5 major rental car companies agree on recall plan

September 27, 2012 - 10:34 AM

ALBANY, N.Y. (AP) — Five of the biggest names in car rentals nationwide have agreed to stop leasing vehicles under safety recalls, a move that is expected to bolster pending legislation, according to two U.S. senators.

Democratic Sens. Charles Schumer of New York and Barbara Boxer of California told The Associated Press that the agreement involving Enterprise, Hertz, Avis, Dollar Thrifty and National will pave the way for legislation covering the industry. The bill is expected to be voted on during the upcoming lame duck session on Congress.

"This historic agreement will be a major improvement in auto safety, particularly since rental car companies are the largest purchases of new vehicles in the nation," a coalition of consumer groups and relatives said in a statement.

Hertz officials said the company adopted the provisions in January.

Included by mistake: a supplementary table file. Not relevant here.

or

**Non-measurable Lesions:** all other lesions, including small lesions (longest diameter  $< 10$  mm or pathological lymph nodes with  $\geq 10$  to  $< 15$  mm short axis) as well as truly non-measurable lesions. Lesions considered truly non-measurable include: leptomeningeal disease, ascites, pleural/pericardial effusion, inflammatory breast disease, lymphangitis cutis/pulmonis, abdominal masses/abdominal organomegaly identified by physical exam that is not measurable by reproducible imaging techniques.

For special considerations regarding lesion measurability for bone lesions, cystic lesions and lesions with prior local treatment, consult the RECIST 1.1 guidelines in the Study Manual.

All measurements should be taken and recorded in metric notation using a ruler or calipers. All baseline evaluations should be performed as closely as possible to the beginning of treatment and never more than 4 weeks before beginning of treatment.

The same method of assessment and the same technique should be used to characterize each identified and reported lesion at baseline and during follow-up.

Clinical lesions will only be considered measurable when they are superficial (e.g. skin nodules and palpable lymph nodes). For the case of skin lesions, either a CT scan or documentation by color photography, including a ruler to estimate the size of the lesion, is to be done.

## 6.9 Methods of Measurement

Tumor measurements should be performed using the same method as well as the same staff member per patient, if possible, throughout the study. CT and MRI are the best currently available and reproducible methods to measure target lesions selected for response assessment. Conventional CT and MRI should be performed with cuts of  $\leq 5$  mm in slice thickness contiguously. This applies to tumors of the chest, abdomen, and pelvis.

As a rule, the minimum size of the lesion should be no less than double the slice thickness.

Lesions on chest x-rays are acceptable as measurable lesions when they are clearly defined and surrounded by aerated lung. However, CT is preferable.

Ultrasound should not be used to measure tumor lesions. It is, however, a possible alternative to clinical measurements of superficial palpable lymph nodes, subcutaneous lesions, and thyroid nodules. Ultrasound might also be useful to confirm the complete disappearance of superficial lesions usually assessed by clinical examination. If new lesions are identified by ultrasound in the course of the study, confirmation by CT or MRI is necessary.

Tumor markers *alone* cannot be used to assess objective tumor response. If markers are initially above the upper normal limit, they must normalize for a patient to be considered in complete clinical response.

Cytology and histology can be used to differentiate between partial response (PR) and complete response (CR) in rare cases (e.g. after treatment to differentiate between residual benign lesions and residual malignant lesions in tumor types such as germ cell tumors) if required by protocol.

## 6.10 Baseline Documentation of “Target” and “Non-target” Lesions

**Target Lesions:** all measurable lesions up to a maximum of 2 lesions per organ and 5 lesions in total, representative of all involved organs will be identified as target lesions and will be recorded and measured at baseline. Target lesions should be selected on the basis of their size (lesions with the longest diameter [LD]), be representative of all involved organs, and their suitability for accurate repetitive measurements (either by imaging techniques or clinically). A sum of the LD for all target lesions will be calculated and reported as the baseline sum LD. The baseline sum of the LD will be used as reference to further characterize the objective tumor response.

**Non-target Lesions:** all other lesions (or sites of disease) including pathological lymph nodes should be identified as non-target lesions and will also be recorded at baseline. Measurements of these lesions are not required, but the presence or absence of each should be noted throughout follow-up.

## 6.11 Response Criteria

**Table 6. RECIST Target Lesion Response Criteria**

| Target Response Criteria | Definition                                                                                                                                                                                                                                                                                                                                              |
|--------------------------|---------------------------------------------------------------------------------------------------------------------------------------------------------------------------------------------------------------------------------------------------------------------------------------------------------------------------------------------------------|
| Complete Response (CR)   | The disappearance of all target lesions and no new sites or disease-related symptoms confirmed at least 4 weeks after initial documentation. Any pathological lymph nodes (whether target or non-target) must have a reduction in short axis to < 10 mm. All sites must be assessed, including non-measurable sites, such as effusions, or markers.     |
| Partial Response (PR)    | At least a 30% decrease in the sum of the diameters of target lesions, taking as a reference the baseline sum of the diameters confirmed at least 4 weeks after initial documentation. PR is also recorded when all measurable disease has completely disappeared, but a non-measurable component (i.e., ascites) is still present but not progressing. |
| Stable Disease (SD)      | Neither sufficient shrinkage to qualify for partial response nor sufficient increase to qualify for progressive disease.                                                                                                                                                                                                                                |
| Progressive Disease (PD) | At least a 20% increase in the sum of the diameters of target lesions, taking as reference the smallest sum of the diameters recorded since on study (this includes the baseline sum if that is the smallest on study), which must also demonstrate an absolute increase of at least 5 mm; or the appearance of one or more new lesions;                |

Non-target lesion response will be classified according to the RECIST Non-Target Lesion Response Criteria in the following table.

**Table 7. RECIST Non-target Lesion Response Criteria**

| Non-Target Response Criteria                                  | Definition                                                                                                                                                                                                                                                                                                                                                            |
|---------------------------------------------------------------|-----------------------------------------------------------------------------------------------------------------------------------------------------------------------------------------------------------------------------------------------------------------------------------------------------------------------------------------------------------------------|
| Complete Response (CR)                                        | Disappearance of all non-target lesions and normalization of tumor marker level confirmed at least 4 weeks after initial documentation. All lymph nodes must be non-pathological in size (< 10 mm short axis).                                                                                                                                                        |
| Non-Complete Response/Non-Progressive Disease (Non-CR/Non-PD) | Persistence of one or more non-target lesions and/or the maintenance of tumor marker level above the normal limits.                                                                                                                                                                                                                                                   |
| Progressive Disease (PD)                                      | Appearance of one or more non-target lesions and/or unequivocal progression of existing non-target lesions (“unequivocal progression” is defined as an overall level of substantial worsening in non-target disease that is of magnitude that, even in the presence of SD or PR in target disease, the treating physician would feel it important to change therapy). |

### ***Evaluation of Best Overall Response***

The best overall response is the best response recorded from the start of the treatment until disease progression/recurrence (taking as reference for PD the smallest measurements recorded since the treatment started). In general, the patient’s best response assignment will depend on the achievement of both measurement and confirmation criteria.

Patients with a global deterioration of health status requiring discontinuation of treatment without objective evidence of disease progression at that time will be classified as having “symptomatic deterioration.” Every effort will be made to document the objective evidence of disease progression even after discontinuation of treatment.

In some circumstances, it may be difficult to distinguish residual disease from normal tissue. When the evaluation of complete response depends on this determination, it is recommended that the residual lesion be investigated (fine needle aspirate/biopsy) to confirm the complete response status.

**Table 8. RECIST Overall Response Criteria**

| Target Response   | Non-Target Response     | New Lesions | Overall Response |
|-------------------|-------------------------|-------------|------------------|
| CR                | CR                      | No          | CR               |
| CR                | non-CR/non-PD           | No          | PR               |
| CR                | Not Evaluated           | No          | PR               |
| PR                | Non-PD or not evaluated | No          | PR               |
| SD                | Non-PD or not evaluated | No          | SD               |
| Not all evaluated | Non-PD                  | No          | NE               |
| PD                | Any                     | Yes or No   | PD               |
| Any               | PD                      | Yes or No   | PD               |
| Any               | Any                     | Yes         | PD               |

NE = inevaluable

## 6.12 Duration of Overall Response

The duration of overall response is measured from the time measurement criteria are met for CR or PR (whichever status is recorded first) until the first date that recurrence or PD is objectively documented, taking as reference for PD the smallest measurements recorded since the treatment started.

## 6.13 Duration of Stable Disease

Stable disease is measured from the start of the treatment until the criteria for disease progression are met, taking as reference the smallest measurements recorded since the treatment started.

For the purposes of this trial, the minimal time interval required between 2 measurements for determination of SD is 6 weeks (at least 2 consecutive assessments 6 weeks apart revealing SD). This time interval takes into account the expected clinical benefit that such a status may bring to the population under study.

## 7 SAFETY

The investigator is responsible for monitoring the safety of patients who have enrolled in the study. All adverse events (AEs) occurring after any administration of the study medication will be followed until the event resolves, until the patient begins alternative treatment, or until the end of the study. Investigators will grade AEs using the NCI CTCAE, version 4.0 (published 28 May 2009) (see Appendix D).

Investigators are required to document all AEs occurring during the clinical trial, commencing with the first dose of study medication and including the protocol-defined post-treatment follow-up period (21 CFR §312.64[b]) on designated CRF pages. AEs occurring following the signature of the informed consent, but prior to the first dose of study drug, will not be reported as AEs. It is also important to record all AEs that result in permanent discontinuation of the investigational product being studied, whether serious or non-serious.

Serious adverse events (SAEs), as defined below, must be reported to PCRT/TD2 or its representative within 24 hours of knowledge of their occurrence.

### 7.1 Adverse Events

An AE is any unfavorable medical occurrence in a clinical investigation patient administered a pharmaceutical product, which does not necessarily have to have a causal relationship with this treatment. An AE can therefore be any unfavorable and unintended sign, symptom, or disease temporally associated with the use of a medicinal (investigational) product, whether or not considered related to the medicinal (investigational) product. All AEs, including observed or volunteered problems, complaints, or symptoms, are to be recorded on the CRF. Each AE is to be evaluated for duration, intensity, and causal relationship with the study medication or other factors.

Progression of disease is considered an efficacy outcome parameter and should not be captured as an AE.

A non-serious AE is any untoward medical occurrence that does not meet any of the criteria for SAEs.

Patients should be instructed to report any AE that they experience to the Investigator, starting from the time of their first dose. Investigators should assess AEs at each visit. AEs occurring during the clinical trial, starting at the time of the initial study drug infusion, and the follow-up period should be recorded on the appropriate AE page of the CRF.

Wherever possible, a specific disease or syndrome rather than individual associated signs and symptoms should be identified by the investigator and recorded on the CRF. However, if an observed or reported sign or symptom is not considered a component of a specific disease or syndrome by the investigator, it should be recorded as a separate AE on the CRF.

"We are pleased the rest of the rental car industry is now fully supportive," said Richard D. Broome, senior vice president of corporate affairs and communications at Hertz.

An announcement was scheduled to be made Thursday in Washington with relatives of two women from California who died in a car fire in a vehicle that the senators say was under a safety recall.

Raechel and Jacqueline Houck were killed in 2004 when their rental car caught fire. The sisters were traveling in a car that was under recall for a power steering hose defect but hadn't been repaired, the senators said. They died in a head-on crash.

The companies involved in the agreement represent more than 90 percent of the rental car industry. National and Enterprise are operated by the same company.

The companies have worked with the senators on the legislation and support the effort, according to a letter signed by executives from each company.

No law now prohibits the leasing of cars under safety recalls, according to AAA, the national auto club and lobbyist.

"AAA views this legislation as a common-sense solution that would help keep unsafe vehicles off the road," AAA President Robert L. Darbelnet said.